Healthcare Spending and Preventive Care in High-Deductible and Consumer-Directed Health Plans, by Melinda Beeuwkes Buntin, Amelia M. Haviland, Roland McDevitt, and Neeraj Sood (Am J Manag Care)

    Objective: To investigate the effects of highdeductible health plans (HDHPs) and consumerdirected health plans (CDHPs) on healthcare spending and on the use of recommended preventive care.

    Study Design: Retrospective study.

    Methods: We analyzed claims and enrollment data for 808,707 households from 53 large US employers, 28 of which offered HDHPs or CDHPs. We estimated the effects of HDHP or CDHP enrollment on healthcare cost growth between 2004 and 2005 using a difference-in-difference method that compared cost growth for families who were enrolled in HDHPs or CDHPs for the first time in 2005 with cost growth for families who were not offered HDHPs or CDHPs. Control families were weighted using propensity score weights to match the treatment families. Using similar methods, we examined the effects of HDHP or CDHP enrollment on the use of preventive care and the effects of HDHP or CDHP offering by employers on the mean cost growth.

    Results: Families enrolling in HDHPs or CDHPs for the first time spent 14% less than similar families enrolled in conventional plans. Families in firms offering an HDHP or a CDHP spent less than those in other firms. Significant savings for enrollees were realized only for plans with deductibles of at least $1000, and savings decreased with generous employer contributions to healthcare accounts. Enrollment in HDHPs or CDHPs was also associated with moderate reductions in the use of preventive care.

    Conclusions: The HDHPs or CDHPs with at least a $1000 deductible significantly reduced healthcare spending, but they also reduced the use of preventive care in the first year. This merits additional study because of concerns about enrollee health.

    Physician Response to Pay-for-Performance: Evidence from a Natural Experiment, by Jinhu Li, Jeremiah Hurley, Philip DeCicca, Gioia Buckley (NBER working paper)

    Explicit financial incentives, especially pay-for-performance (P4P) incentives, have been extensively employed in recent years by health plans and governments in an attempt to improve the quality of health care services. This study exploits a natural experiment in the province of Ontario, Canada to identify empirically the impact of pay-for-performance (P4P) incentives on the provision of targeted primary care services, and whether physicians’ responses differ by age, practice size and baseline compliance level. We use an administrative data source which covers the full population of the province of Ontario and nearly all the services provided by practicing primary care physicians in Ontario. With an individual-level data set of physicians, we employ a difference-in-differences approach that controls for both “selection on observables” and “selection on unobservables” that may cause estimation bias in the identification. We also implemented a set of robustness checks to control for confounding from the other contemporary interventions of the primary care reform in Ontario. The results indicate that, while all responses are of modest size, physicians responded to some of the financial incentives but not the others. The differential responses appear related to the cost of responding and the strength of the evidence linking a service with quality. Overall, the results provide a cautionary message regarding the effectiveness of pay-for-performance schemes for increasing quality of care.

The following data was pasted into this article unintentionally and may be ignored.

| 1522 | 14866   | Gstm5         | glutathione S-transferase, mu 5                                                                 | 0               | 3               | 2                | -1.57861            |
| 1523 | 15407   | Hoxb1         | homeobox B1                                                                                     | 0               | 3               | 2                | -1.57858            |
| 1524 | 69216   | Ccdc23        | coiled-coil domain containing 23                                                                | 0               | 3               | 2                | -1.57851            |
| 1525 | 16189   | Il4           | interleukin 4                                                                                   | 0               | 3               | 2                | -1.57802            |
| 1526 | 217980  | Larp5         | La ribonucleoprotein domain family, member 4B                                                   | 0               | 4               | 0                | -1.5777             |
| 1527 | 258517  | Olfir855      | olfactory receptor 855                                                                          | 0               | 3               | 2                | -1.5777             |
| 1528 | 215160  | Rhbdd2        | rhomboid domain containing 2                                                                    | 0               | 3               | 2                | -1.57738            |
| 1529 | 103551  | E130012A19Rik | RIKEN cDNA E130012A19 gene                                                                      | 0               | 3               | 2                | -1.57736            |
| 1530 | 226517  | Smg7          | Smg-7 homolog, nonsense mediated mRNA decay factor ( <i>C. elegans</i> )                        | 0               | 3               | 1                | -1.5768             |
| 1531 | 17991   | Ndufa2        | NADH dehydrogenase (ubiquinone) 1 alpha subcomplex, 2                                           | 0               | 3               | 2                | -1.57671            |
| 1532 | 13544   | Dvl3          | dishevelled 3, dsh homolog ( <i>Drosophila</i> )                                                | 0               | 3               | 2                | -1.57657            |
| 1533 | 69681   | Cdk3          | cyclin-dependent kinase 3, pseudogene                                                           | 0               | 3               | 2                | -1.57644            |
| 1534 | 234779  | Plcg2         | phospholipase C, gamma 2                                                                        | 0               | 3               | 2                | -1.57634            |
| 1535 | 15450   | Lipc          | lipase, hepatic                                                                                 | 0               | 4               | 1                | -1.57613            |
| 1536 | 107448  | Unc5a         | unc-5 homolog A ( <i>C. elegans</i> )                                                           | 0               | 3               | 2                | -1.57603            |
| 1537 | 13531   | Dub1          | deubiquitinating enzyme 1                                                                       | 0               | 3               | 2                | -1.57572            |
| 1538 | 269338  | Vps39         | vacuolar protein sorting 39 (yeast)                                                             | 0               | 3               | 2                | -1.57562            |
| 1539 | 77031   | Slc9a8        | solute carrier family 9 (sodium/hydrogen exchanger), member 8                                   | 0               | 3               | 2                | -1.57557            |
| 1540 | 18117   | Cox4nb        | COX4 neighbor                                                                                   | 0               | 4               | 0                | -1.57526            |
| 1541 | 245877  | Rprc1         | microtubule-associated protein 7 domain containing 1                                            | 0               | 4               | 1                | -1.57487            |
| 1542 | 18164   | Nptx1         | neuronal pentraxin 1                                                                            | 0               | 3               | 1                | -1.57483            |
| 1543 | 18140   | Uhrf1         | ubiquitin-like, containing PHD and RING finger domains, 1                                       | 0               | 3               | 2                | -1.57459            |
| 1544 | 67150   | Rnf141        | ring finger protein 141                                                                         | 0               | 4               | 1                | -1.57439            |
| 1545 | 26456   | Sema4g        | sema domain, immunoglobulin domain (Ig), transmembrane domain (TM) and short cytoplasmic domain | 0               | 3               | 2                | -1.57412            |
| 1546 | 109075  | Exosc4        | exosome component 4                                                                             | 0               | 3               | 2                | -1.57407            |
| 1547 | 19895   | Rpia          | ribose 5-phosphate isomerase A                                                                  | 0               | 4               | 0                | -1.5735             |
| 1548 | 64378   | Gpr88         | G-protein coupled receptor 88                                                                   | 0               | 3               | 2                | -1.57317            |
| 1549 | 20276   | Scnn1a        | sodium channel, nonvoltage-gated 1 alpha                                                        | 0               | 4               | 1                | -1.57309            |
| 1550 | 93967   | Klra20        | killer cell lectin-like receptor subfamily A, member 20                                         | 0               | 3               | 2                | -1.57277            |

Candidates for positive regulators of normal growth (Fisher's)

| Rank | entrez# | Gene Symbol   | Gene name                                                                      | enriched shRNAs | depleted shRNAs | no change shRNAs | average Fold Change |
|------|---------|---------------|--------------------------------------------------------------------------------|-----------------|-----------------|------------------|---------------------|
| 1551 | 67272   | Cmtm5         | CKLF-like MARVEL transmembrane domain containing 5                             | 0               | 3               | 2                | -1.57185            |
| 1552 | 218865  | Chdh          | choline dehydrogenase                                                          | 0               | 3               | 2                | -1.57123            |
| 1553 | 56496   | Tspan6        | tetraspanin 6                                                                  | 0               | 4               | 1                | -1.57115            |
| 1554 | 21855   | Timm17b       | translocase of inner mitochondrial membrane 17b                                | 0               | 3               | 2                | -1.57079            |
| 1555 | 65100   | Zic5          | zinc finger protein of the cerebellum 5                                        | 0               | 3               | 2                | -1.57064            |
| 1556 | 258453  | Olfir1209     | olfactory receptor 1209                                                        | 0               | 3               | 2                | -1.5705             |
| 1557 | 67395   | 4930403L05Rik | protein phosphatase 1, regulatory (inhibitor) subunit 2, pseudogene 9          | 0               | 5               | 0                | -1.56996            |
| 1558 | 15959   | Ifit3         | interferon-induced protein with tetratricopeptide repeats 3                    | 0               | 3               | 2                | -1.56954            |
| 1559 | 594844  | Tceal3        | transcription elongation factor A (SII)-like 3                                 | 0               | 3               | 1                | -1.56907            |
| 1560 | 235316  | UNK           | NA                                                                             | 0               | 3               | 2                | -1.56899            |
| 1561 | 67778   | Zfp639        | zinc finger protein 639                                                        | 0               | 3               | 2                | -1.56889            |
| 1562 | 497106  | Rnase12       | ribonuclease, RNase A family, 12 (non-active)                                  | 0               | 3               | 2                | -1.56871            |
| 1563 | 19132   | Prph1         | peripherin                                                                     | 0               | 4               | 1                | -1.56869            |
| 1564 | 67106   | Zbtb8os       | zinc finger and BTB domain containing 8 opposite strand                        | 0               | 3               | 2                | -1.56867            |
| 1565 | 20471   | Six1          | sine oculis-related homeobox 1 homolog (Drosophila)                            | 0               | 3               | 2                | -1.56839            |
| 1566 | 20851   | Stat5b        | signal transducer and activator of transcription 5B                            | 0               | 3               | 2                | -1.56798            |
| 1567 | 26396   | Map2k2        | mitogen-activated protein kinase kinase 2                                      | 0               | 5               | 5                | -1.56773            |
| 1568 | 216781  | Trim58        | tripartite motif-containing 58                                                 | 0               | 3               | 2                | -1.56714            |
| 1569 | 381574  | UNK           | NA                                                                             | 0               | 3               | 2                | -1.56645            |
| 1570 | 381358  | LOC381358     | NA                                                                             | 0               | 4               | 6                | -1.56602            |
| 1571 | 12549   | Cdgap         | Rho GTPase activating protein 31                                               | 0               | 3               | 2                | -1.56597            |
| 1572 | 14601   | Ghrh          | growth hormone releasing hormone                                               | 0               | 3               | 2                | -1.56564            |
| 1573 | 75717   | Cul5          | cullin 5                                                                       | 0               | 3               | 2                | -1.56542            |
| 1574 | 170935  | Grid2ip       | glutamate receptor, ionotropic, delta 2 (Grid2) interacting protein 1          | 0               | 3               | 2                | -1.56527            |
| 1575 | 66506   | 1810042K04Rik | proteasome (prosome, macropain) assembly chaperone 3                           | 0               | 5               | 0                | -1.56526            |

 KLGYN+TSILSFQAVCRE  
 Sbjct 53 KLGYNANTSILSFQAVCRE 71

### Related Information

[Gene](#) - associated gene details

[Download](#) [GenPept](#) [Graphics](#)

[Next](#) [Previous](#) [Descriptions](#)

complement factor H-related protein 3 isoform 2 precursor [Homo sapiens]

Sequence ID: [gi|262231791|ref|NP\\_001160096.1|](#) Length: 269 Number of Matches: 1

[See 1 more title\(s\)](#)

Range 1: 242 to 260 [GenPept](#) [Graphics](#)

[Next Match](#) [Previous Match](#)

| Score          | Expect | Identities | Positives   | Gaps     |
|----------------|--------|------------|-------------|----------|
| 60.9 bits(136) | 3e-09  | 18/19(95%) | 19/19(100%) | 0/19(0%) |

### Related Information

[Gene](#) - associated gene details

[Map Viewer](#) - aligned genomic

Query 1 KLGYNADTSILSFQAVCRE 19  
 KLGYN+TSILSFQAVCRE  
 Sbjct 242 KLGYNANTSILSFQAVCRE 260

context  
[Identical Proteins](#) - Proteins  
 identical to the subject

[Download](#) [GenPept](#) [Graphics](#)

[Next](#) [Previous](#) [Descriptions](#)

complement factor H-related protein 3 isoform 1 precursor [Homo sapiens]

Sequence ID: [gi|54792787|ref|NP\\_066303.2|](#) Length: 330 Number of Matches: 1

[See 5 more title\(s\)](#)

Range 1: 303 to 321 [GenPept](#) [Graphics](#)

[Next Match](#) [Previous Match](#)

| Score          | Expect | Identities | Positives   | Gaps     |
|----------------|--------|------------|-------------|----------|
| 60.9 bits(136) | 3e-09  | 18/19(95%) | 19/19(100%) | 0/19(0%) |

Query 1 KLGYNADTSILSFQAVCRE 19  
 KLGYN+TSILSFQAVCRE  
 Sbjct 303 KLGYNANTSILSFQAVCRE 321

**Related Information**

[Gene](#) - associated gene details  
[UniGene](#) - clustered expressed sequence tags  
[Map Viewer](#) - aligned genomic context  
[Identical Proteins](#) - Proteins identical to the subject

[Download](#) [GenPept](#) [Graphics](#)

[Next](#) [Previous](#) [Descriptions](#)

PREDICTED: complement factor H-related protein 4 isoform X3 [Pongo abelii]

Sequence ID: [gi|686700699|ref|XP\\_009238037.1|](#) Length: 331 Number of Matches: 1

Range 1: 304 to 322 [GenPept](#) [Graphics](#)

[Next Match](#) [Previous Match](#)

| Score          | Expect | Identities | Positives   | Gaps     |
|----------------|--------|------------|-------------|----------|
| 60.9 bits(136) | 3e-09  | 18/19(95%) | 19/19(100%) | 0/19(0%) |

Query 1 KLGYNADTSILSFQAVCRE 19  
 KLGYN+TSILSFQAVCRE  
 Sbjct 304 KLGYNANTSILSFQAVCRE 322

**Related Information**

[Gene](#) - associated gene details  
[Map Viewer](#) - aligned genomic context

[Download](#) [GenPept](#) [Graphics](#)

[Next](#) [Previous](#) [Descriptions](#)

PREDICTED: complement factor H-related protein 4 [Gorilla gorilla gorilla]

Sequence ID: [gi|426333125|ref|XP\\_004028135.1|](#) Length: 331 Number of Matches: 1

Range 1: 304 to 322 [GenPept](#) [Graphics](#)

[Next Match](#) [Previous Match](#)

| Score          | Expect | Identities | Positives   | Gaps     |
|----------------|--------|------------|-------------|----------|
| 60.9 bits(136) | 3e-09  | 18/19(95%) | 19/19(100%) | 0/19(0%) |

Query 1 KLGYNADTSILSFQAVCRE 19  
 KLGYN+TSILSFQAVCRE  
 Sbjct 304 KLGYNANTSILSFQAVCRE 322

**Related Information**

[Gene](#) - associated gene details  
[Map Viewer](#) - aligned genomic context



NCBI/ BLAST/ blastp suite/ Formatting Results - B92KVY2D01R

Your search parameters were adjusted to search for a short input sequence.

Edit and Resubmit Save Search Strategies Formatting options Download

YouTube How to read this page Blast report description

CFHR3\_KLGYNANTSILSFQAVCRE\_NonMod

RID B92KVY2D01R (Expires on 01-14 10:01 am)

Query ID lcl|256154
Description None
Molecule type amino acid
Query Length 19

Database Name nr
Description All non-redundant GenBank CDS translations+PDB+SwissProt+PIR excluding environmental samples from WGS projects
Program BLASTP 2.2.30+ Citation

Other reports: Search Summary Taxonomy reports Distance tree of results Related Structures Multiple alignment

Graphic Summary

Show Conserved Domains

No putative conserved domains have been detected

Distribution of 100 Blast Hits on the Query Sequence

Economics of Individualization in Comparative Effectiveness Research and a Basis for a Patient-Centered Health Care, Anirban Basu (NBER working paper)

    The United States aspires to use information from comparative effectiveness research (CER) to reduce waste and contain costs without instituting a formal rationing mechanism or compromising patient or physician autonomy with regard to treatment choices. With such ambitious goals, traditional combinations of research designs and analytical methods used in CER may lead to disappointing results. In this paper, I study how alternate regimes of comparative effectiveness information help shape the marginal benefits (demand) curve in the population and how such perceived demand curves impact decision-making at the individual patient level and welfare at the societal level. I highlight the need to individualize comparative effectiveness research in order to generate the true (normative) demand curve for treatments. I discuss methodological principles that guide research designs for such studies. Using an example of the comparative effect of substance abuse treatments on crime, I use novel econometric methods to salvage individualized information from an existing dataset.

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    • It seems like almost every study involving HDHPs involve the potential for significant selection bias. I sometimes wonder if we even need studies since we are conducting the natural experiment right now, with more and more plans going to higher deductibles.